Each time I log in Facebook the first ad that pops up encourages me to “Become an Entrepreneur”. Apparently I do this by enrolling for a master’s degree at a top on-line university.
My thought is that this is the very worst way of becoming an entrepreneur.
I am, by all accounts, and unbeknownst to Facebook, already an entrepreneur. I know this because I’m often invited to speak about my journey to becoming an entrepreneur. My c.v. says that I am one of the UK’s 50 Female Entrepreneur Ambassadors. I mentor individuals on their business journey.
I mention these facts only by way of getting to my point – there is nothing special about being an entrepreneur and you don’t have to go to college to learn how to be one.
I was listening to a fascinating talk by Matthew Syed the other day. Matthew is journalist and broadcaster and was an international table tennis player. He was talking about our obsession with talent compared to endeavour; why we admire, for example, footballers like Ronaldo with their “effortless” genius but are rather less fond of the “workmanlike” Paul Scholes who has clearly worked to make the very most of a smaller amount of talent. He said that he became an international sportsman of outstanding quality by playing a lot of table tennis.
This struck a chord with me as the most frustrating thing I hear when I’m talking to people is, “I couldn’t do what you’ve done”. Yes you could – there is no mystery – there is no gene for enterprise – there is no God-given talent.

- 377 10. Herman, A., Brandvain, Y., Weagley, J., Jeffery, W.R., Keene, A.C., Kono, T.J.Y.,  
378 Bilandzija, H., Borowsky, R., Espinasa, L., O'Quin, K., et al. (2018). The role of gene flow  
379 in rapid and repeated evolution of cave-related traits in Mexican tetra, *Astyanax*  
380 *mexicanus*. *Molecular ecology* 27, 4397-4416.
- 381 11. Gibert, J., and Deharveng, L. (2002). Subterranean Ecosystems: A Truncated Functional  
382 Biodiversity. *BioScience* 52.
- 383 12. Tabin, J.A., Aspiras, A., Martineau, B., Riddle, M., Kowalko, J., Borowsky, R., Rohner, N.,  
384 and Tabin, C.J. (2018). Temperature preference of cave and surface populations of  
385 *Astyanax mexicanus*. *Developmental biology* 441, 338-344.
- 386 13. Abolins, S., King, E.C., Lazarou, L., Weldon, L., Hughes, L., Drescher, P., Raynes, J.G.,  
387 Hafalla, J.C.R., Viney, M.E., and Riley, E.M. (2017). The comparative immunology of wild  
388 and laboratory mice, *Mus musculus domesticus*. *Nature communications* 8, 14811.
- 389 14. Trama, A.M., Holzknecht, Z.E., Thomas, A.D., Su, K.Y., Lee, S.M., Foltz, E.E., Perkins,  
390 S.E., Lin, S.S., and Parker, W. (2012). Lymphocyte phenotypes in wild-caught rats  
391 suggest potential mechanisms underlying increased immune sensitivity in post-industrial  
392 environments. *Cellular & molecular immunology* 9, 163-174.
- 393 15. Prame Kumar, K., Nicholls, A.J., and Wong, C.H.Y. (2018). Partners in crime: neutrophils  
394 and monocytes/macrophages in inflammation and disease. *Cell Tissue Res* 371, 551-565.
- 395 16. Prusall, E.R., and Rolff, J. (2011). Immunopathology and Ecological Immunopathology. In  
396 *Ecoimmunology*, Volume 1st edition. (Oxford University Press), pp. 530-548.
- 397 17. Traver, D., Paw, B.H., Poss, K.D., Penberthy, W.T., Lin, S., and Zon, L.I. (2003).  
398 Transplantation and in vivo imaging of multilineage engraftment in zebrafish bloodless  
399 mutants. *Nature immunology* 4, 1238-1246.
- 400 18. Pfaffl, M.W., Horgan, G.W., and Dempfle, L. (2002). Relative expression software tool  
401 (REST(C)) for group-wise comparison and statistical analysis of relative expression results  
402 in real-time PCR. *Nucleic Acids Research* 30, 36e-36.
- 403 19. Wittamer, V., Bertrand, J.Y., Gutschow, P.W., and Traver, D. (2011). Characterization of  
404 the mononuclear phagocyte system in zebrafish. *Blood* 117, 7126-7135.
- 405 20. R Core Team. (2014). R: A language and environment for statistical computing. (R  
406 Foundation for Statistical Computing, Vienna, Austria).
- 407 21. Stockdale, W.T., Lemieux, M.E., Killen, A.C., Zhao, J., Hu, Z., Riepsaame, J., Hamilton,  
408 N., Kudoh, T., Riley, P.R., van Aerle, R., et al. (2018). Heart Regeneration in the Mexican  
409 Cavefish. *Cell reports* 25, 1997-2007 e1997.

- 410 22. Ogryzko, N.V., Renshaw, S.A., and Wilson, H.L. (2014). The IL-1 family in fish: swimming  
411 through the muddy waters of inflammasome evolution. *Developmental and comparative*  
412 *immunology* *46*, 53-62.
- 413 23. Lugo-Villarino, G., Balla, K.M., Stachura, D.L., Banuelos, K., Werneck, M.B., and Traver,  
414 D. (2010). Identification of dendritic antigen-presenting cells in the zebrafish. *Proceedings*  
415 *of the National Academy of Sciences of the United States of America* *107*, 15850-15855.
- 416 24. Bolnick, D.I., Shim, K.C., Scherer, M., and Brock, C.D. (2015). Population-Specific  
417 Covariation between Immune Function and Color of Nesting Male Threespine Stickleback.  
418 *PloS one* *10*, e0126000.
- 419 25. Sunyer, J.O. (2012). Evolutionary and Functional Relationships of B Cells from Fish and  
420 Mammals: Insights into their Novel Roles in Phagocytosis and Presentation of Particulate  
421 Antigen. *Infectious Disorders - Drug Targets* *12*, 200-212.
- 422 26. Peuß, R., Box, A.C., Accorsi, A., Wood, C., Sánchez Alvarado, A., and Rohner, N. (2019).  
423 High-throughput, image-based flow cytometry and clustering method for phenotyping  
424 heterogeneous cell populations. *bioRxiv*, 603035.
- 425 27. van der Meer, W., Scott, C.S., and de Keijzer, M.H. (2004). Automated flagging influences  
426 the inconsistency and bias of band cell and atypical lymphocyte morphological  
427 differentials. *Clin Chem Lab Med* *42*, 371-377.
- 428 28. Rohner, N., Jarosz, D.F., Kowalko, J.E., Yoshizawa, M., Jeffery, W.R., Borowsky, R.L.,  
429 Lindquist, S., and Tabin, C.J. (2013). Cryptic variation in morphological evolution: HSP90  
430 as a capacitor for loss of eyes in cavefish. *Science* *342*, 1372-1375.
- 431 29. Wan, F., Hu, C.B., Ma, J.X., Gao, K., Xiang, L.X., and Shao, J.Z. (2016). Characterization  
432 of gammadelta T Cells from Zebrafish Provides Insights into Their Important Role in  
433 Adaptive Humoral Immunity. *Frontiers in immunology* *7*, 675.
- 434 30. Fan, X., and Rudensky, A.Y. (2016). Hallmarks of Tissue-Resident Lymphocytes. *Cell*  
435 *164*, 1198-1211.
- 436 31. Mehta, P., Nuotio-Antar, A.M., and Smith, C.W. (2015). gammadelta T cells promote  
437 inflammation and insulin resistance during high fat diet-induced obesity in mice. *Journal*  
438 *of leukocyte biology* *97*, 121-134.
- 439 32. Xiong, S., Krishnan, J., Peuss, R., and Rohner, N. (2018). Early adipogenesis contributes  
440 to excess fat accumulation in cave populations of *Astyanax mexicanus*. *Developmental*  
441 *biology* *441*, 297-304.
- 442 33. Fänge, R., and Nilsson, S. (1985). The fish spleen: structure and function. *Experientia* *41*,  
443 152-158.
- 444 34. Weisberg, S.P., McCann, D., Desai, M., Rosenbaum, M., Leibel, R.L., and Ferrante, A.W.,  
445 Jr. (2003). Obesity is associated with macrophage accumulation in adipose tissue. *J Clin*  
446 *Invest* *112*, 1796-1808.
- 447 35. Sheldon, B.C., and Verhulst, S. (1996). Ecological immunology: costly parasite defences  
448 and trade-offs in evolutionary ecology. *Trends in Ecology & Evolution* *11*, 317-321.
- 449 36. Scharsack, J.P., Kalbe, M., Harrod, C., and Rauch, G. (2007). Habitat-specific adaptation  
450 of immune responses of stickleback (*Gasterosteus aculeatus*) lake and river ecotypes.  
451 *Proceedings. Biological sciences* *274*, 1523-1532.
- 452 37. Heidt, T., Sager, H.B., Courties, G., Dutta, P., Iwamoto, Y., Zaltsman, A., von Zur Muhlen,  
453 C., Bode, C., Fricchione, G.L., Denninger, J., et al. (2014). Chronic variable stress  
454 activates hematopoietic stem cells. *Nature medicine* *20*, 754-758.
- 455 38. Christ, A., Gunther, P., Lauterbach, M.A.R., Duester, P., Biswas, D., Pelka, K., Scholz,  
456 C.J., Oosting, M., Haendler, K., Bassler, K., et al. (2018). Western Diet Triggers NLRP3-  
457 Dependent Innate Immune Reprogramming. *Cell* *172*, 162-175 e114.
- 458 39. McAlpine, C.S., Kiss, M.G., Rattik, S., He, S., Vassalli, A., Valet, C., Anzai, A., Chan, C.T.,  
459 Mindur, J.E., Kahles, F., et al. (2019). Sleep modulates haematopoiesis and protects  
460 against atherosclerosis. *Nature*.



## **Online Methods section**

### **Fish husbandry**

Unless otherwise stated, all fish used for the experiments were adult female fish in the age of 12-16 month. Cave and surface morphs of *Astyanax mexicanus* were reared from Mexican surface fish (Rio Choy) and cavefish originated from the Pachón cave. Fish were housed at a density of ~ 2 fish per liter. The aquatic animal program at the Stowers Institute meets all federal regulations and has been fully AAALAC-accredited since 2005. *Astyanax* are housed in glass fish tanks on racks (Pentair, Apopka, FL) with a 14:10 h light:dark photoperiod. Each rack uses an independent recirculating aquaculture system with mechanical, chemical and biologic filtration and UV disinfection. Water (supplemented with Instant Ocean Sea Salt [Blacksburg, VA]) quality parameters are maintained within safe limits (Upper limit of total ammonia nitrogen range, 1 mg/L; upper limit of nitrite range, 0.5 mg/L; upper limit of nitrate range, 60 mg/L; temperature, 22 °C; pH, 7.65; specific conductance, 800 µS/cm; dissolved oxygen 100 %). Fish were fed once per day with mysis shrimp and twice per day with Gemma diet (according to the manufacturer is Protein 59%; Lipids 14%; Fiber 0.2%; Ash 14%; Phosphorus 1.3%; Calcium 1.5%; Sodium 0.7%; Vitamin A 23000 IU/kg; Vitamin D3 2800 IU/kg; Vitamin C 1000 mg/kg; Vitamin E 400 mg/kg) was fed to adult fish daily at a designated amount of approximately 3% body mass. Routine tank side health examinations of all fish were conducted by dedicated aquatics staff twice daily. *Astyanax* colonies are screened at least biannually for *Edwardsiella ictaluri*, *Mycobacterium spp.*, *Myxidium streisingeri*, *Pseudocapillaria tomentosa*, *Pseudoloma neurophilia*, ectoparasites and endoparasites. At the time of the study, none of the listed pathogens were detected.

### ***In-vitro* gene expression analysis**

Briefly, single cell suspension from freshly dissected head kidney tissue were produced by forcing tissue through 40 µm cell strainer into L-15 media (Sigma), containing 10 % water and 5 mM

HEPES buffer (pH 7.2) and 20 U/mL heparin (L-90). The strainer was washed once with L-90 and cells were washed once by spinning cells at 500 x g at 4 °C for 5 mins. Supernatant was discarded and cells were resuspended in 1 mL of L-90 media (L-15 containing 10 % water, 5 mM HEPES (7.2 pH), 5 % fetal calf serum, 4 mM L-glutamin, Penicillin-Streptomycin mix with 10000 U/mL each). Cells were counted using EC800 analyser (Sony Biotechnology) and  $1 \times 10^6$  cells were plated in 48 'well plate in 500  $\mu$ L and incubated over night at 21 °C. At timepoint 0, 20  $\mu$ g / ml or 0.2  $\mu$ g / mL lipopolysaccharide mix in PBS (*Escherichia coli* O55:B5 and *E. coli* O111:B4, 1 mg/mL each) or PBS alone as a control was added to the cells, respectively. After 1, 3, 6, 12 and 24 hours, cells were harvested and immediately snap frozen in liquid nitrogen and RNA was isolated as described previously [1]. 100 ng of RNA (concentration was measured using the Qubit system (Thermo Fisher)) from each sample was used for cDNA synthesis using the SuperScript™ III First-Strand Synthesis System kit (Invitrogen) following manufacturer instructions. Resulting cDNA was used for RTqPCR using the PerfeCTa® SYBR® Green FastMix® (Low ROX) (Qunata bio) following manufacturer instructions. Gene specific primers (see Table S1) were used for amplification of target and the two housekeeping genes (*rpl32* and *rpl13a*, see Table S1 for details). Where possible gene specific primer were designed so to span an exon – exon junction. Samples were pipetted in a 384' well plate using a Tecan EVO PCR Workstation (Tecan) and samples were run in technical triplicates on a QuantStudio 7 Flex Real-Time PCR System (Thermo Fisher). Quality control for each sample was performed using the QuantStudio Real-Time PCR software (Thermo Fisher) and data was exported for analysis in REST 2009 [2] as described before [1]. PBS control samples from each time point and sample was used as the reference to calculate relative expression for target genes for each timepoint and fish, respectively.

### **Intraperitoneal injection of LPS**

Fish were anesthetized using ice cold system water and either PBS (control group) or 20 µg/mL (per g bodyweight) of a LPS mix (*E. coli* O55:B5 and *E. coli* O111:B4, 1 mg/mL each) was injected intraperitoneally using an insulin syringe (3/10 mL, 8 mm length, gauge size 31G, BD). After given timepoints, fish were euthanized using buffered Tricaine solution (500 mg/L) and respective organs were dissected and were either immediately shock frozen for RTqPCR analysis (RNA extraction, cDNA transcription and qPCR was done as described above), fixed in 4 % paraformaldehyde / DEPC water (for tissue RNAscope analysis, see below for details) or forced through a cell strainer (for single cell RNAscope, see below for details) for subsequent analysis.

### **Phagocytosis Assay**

Matthew Syed went on to make the point that our focus on “natural talent” was destructive in that it led to those who were deemed not to have an innate gift to give up. How many times have you heard people say, or maybe said yourself, “I have no brain for Maths,” or “I just can’t do it, my brain doesn’t work that way”.
Actually brains are really plastic and if you use bits they grow bigger. For example, the region of motor cortex that controls the piano playing fingers is larger in pianists and, crucially, it has been found to expand in the brains of volunteers learning to play the piano. Pianist were not born with a massive motor cortex which allowed them to become concert pianists, they practiced playing the piano and the more you play the bigger the area becomes. Practice not genetics – development not a gift from God.
To illustrate further, Mozart, a renowned child genius could play the piano like a master by the time he was 6. A genius, surely. Well no. Further examination reveals that he had been playing the piano from the age of 1 under instruction from his piano teaching father. Mozart had crammed in more hours of practice before the age of 6 than most pianists fit into a lifetime.
So what is this to do with enterprise?
Simply this. Just do it. It’s as simple as that. Like any new skill you will try and fail and learn and improve. There is no mystery.
One more thought. Up until my late 20’s I fancied myself to be an artist. I did the odd painting and assured myself that my day job in medical marketing was really just a cover for the true genius within. In early 1990 I visited a Peter Howson exhibition. He is the same age as me. What struck me was not the quality of the work, which was outstanding, but the sheer quantity of these finished works. There were rooms full of canvases. He was an artist because he actually painted – that’s what he did. While I sold dialysis equipment he painted. I was definitely not an artist. 20 years later I gave up my day job and made sculptures – full-time, day in, day out. I got good and had my work in galleries across Scotland.
And a final observation. I was the salesman of the year every year for my company. I was not a great salesman. That is not modesty. As my manager observed, I simply made more calls than anyone else or as he put it, “the more raffle tickets you buy the more prizes you win.”
A perfect triumph of effort over aptitude.